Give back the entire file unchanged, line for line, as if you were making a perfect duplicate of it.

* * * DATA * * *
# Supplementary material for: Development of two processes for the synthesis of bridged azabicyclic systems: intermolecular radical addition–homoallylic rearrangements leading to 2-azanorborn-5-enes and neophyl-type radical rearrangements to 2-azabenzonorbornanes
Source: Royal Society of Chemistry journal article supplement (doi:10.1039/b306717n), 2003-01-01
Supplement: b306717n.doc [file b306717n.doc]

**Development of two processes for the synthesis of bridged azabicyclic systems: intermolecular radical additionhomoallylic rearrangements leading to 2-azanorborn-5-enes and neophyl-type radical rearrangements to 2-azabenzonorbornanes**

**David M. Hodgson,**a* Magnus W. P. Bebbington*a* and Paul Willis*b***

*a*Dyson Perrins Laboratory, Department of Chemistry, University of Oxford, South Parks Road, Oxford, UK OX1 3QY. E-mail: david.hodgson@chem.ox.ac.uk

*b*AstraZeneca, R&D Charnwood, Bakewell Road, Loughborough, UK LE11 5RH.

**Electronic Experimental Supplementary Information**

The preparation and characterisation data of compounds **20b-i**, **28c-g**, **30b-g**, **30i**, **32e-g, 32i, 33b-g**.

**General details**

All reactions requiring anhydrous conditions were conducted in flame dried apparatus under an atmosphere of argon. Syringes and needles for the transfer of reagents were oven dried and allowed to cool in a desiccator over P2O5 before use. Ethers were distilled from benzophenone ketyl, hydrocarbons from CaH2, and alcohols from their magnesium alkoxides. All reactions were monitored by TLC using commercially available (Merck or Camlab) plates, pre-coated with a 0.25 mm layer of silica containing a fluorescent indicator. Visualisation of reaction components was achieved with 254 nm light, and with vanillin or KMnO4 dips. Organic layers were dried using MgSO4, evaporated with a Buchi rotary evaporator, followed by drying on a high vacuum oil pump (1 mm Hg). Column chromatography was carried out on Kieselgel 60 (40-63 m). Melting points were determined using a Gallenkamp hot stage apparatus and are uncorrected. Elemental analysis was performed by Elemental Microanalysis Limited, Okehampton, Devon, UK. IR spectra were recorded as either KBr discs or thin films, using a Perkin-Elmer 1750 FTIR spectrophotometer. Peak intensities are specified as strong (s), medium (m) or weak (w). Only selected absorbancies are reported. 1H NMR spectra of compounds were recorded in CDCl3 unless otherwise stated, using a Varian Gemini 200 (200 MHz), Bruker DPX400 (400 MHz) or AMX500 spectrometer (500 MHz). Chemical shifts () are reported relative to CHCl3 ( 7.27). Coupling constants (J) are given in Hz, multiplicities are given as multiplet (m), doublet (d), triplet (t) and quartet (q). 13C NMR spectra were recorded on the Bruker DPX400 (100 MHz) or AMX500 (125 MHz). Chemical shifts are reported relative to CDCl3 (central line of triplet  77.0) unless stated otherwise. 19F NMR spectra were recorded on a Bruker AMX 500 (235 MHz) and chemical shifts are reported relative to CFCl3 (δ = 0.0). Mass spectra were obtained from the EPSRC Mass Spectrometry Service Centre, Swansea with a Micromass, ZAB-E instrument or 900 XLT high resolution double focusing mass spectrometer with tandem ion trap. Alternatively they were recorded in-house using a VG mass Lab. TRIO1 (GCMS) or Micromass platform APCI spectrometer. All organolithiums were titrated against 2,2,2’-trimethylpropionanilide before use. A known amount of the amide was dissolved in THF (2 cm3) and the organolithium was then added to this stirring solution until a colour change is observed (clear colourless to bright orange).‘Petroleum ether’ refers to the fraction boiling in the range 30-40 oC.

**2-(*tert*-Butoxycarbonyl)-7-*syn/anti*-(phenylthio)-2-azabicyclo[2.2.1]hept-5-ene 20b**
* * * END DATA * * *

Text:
# Supplementary material for: Development of two processes for the synthesis of bridged azabicyclic systems: intermolecular radical addition–homoallylic rearrangements leading to 2-azanorborn-5-enes and neophyl-type radical rearrangements to 2-azabenzonorbornanes
Source: Royal Society of Chemistry journal article supplement (doi:10.1039/b306717n), 2003-01-01
Supplement: b306717n.doc [file b306717n.doc]

**Development of two processes for the synthesis of bridged azabicyclic systems: intermolecular radical additionhomoallylic rearrangements leading to 2-azanorborn-5-enes and neophyl-type radical rearrangements to 2-azabenzonorbornanes**

**David M. Hodgson,**a* Magnus W. P. Bebbington*a* and Paul Willis*b***

*a*Dyson Perrins Laboratory, Department of Chemistry, University of Oxford, South Parks Road, Oxford, UK OX1 3QY. E-mail: david.hodgson@chem.ox.ac.uk

*b*AstraZeneca, R&D Charnwood, Bakewell Road, Loughborough, UK LE11 5RH.

**Electronic Experimental Supplementary Information**

The preparation and characterisation data of compounds **20b-i**, **28c-g**, **30b-g**, **30i**, **32e-g, 32i, 33b-g**.

**General details**

All reactions requiring anhydrous conditions were conducted in flame dried apparatus under an atmosphere of argon. Syringes and needles for the transfer of reagents were oven dried and allowed to cool in a desiccator over P2O5 before use. Ethers were distilled from benzophenone ketyl, hydrocarbons from CaH2, and alcohols from their magnesium alkoxides. All reactions were monitored by TLC using commercially available (Merck or Camlab) plates, pre-coated with a 0.25 mm layer of silica containing a fluorescent indicator. Visualisation of reaction components was achieved with 254 nm light, and with vanillin or KMnO4 dips. Organic layers were dried using MgSO4, evaporated with a Buchi rotary evaporator, followed by drying on a high vacuum oil pump (1 mm Hg). Column chromatography was carried out on Kieselgel 60 (40-63 m). Melting points were determined using a Gallenkamp hot stage apparatus and are uncorrected. Elemental analysis was performed by Elemental Microanalysis Limited, Okehampton, Devon, UK. IR spectra were recorded as either KBr discs or thin films, using a Perkin-Elmer 1750 FTIR spectrophotometer. Peak intensities are specified as strong (s), medium (m) or weak (w). Only selected absorbancies are reported. 1H NMR spectra of compounds were recorded in CDCl3 unless otherwise stated, using a Varian Gemini 200 (200 MHz), Bruker DPX400 (400 MHz) or AMX500 spectrometer (500 MHz). Chemical shifts () are reported relative to CHCl3 ( 7.27). Coupling constants (J) are given in Hz, multiplicities are given as multiplet (m), doublet (d), triplet (t) and quartet (q). 13C NMR spectra were recorded on the Bruker DPX400 (100 MHz) or AMX500 (125 MHz). Chemical shifts are reported relative to CDCl3 (central line of triplet  77.0) unless stated otherwise. 19F NMR spectra were recorded on a Bruker AMX 500 (235 MHz) and chemical shifts are reported relative to CFCl3 (δ = 0.0). Mass spectra were obtained from the EPSRC Mass Spectrometry Service Centre, Swansea with a Micromass, ZAB-E instrument or 900 XLT high resolution double focusing mass spectrometer with tandem ion trap. Alternatively they were recorded in-house using a VG mass Lab. TRIO1 (GCMS) or Micromass platform APCI spectrometer. All organolithiums were titrated against 2,2,2’-trimethylpropionanilide before use. A known amount of the amide was dissolved in THF (2 cm3) and the organolithium was then added to this stirring solution until a colour change is observed (clear colourless to bright orange).‘Petroleum ether’ refers to the fraction boiling in the range 30-40 oC.

**2-(*tert*-Butoxycarbonyl)-7-*syn/anti*-(phenylthio)-2-azabicyclo[2.2.1]hept-5-ene 20b**